Book Review: ‘Bossypants,’ by Tina Fey

Why are women not funny?

This is, of course, a stupid question. Plenty of women are funny. Our culture’s baseline arbiter of funny, Saturday Night Live, now features a cast headlined by Kristen Wiig (who, as I figure things, is the first female deserving of Most Valuable Cast Member status—she’s been the funniest person on the show for the last two seasons). Tina Fey has launched herself into fame over the past five years, starting as SNL’s first female head writer, impersonating Sarah Palin, and executive-producing 30 Rock, which, if you go by Emmy’s standards, is the best comedy on television. Sarah Silverman, Wanda Sykes, that really skinny pretty girl who has a dirty mouth (I think her name’s Whitney?), Chelsea Handler, Aisha Tyler…there’s a lot of funny women out there.

And yet…men keep asking the question. Christopher Hitchens wrote an infamous piece in 2007 for Vanity Fair giving his reasons: it has something to do with women being able to give birth and men knowing that actually puts them in charge, and men trying to subvert this earth-mother status with humor—one of those things that sound super-interesting and intelligent while you’re reading it, but ultimately you think to yourself, how the hell could anyone know if this is in any way true? Many famous male comedians have stated publicly they don’t think women are very funny—John Belushi and Chevy Chase have both been quoted saying basically that, even while they were working alongside female cast members on SNL.

The real question isn’t why women aren’t funny, because as we’ve demonstrated, that’s not even true. Men laugh watching the Tina Fey-as-Sarah Palin and Amy Poehler-as-Hilary Clinton skit (which, okay fine, a man—Seth Myers—wrote it, but still). Women are often very funny. The question we’re actually asking may be: why is a woman never the Most Hilarious Person Ever?

Most Hilarious Person Ever status gets conferred on the person we acknowledge as the King of Comedy, in any situation—in a movie or a television show, but also just in regular life. Amongst your friends, someone gets anointed as the Most Hilarious Person Ever. In high school they get voted Class Clown, or Most Likely to Make You Laugh in the yearbook. And in a really disproportionate way, men are usually the ones being anointed.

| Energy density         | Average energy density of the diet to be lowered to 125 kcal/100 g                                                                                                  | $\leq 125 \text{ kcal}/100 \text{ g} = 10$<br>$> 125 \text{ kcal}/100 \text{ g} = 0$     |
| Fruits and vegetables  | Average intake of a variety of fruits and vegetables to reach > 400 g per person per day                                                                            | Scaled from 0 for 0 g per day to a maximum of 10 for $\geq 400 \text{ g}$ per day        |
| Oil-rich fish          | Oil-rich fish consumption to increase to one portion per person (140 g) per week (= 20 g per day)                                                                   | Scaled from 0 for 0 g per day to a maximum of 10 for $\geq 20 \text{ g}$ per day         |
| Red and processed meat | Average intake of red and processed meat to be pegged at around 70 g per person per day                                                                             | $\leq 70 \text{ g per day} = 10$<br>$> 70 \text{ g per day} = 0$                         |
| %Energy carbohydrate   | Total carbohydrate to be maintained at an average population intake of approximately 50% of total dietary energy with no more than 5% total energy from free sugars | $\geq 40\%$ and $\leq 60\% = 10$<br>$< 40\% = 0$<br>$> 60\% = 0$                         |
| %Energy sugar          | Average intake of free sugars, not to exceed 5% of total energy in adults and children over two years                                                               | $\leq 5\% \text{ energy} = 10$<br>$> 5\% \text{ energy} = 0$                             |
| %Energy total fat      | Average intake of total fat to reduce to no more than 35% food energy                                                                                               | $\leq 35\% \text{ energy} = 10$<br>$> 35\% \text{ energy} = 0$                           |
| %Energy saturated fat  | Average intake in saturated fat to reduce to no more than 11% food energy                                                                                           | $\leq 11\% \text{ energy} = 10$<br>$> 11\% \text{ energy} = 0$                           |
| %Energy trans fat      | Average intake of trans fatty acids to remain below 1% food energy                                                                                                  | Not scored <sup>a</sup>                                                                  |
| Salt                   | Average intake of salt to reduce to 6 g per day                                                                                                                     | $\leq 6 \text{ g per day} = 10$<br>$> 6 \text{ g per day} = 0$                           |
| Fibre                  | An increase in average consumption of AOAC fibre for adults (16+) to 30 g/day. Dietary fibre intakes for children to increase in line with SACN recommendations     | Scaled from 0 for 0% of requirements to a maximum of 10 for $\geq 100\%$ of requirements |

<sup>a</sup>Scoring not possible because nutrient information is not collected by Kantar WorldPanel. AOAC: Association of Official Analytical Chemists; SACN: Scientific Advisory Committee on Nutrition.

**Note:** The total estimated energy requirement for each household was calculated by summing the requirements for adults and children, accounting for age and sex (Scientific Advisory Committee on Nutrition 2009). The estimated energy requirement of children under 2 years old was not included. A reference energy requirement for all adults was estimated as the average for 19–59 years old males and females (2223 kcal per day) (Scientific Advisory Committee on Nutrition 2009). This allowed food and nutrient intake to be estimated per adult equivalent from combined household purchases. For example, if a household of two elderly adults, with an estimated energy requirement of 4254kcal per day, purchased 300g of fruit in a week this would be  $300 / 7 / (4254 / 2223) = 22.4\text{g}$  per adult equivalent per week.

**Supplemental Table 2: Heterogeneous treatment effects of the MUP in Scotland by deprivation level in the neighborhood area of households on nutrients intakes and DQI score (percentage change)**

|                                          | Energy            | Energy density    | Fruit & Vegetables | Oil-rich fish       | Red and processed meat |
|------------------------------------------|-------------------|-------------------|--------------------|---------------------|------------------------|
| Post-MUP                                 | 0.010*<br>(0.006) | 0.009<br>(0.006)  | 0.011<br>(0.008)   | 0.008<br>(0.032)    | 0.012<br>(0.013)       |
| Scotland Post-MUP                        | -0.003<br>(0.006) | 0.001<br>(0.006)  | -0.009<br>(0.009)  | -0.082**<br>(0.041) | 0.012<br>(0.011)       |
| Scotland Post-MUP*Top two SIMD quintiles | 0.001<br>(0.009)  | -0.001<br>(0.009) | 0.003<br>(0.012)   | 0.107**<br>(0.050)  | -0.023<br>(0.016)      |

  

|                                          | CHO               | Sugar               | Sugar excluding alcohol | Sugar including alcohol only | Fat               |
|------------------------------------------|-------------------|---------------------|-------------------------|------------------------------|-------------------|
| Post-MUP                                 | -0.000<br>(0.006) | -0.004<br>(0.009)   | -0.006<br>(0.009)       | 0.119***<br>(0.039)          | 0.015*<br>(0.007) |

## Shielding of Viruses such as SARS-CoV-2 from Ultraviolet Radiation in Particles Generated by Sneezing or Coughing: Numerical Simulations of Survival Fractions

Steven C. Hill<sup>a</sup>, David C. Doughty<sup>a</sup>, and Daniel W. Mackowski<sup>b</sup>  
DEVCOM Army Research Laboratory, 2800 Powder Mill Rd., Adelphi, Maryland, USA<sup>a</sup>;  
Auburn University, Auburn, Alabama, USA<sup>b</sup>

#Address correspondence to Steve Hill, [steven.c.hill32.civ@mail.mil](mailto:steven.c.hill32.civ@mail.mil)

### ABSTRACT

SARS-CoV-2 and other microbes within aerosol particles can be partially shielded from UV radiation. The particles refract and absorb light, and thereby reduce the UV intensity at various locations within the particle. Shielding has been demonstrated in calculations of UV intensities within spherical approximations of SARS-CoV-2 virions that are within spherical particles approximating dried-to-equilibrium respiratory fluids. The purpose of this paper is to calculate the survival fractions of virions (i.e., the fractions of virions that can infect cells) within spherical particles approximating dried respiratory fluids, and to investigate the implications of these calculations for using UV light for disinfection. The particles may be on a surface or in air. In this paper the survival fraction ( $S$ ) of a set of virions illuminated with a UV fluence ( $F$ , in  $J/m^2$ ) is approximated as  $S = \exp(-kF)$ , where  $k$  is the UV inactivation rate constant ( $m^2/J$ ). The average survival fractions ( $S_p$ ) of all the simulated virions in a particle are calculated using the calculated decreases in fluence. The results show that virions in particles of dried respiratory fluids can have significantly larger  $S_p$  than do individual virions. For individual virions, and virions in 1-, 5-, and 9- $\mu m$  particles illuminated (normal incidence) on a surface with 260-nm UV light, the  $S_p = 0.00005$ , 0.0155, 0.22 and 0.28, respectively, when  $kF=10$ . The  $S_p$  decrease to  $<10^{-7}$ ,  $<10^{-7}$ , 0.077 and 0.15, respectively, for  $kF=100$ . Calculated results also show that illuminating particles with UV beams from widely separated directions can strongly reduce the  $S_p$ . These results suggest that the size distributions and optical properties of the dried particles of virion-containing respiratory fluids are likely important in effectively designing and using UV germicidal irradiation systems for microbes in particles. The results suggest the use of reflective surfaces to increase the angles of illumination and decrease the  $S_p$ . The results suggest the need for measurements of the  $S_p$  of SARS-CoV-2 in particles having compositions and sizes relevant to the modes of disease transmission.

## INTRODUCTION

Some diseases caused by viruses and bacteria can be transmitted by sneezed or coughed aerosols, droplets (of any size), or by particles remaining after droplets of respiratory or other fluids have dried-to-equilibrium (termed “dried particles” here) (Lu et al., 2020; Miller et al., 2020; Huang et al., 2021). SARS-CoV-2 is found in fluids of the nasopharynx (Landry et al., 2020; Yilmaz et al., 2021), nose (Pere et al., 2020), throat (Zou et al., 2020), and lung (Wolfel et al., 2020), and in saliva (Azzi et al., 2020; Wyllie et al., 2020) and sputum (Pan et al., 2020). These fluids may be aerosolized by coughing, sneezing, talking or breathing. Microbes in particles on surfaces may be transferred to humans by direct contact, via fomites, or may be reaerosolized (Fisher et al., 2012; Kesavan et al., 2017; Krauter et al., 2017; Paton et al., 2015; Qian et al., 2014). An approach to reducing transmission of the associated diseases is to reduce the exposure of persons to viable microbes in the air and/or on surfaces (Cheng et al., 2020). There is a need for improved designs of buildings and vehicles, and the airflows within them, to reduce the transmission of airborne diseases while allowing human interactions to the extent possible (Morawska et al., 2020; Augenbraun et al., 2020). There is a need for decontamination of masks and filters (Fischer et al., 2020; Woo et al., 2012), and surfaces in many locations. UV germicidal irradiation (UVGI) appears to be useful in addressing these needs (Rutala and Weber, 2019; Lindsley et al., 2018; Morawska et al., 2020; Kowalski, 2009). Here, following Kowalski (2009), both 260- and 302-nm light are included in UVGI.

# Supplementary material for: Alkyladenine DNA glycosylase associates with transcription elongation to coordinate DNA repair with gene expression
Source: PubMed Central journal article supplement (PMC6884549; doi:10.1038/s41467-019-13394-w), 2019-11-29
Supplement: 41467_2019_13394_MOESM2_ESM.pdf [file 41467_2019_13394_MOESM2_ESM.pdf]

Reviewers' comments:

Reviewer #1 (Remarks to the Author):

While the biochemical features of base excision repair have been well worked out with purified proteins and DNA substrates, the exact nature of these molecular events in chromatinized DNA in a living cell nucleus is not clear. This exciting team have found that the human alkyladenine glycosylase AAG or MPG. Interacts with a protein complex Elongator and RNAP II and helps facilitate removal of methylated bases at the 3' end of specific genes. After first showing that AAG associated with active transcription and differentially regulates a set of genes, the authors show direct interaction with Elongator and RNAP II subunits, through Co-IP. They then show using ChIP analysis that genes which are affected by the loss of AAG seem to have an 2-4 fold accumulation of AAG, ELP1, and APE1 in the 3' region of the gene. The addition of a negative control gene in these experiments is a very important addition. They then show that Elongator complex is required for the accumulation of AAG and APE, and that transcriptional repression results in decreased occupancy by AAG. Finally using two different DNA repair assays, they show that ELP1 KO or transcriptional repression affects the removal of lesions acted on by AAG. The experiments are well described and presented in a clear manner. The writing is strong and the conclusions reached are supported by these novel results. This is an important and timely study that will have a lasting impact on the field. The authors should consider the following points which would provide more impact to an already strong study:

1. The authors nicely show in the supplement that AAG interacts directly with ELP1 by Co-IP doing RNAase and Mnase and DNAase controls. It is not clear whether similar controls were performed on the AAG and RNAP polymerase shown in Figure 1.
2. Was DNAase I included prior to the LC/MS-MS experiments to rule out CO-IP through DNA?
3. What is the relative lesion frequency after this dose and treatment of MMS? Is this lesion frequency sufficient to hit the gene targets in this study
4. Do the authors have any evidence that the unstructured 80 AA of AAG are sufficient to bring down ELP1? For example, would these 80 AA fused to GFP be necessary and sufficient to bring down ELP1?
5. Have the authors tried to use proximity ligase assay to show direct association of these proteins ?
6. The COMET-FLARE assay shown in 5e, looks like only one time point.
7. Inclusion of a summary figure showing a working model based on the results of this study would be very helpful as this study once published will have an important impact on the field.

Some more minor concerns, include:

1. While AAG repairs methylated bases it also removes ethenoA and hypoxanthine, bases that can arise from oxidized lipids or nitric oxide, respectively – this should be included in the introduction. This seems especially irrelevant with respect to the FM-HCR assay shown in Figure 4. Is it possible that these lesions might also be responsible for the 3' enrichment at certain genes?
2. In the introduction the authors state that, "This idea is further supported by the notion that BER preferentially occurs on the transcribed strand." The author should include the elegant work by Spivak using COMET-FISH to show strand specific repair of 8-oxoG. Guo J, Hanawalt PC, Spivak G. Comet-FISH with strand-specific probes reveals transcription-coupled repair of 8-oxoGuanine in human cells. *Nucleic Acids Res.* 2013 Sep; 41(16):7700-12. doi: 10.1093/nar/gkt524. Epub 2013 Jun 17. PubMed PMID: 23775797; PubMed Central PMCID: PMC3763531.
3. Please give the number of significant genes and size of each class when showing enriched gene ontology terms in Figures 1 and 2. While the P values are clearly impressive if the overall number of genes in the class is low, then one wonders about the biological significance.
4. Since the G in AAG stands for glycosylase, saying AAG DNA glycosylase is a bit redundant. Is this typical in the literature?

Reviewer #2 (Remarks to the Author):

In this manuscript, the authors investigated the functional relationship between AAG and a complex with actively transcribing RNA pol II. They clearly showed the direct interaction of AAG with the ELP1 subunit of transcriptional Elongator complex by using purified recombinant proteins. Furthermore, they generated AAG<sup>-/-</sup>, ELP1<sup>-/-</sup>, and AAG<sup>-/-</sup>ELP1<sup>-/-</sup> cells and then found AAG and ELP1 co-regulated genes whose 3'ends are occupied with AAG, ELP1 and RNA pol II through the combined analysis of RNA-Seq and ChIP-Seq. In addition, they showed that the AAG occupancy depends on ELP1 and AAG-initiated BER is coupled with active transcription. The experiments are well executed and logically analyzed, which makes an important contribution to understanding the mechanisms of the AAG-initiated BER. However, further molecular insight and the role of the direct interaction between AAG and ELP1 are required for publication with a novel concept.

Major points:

Taking SNL as an example, I can name a few of the Most Hilarious People Ever off the top of my head: the real alpha dogs who were obviously the anchors of the entire cast the whole time they were on, like Will Ferrell or Eddie Murphy or Dana Carvey, and others who were a bit more limited but perfected their shtick, like Adam Sandler or Jimmy Fallon, and others who were maybe too weird to be alpha dogs but were indisputably hilarious in everything, like Tracy Morgan or Phil Hammond.

Even if you were to agree with me that Kristen Wiig is currently the most valuable cast member, I don’t think anyone would say that she has, or ever will have, the same stature as Will Ferrell. People like Ferrell just dominate every scene they’re in, just like some people you might know just dominate the conversation at a dinner amongst friends. Wiig is an amazingly precise performer—the way she measures out the rhythm, timing, and volume of her dialogue, along with her ability to transmit almost any kind of information with her eyes (the eerie widening of the pupils as Nancy Pelosi, or the panic of the sweepstakes-announcement woman who doesn’t understand why the winner is so calm) gives her an astonishing psychological nakedness on screen. And any type of nudity is funny, right? Ferrell is capable of being very precise as well, but he also has another gear, when he becomes a big, sloppy, completely uninhibited bear. We all appreciate precision, but when it comes down to it the most powerful laughter is the uninhibited, uncontrolled kind.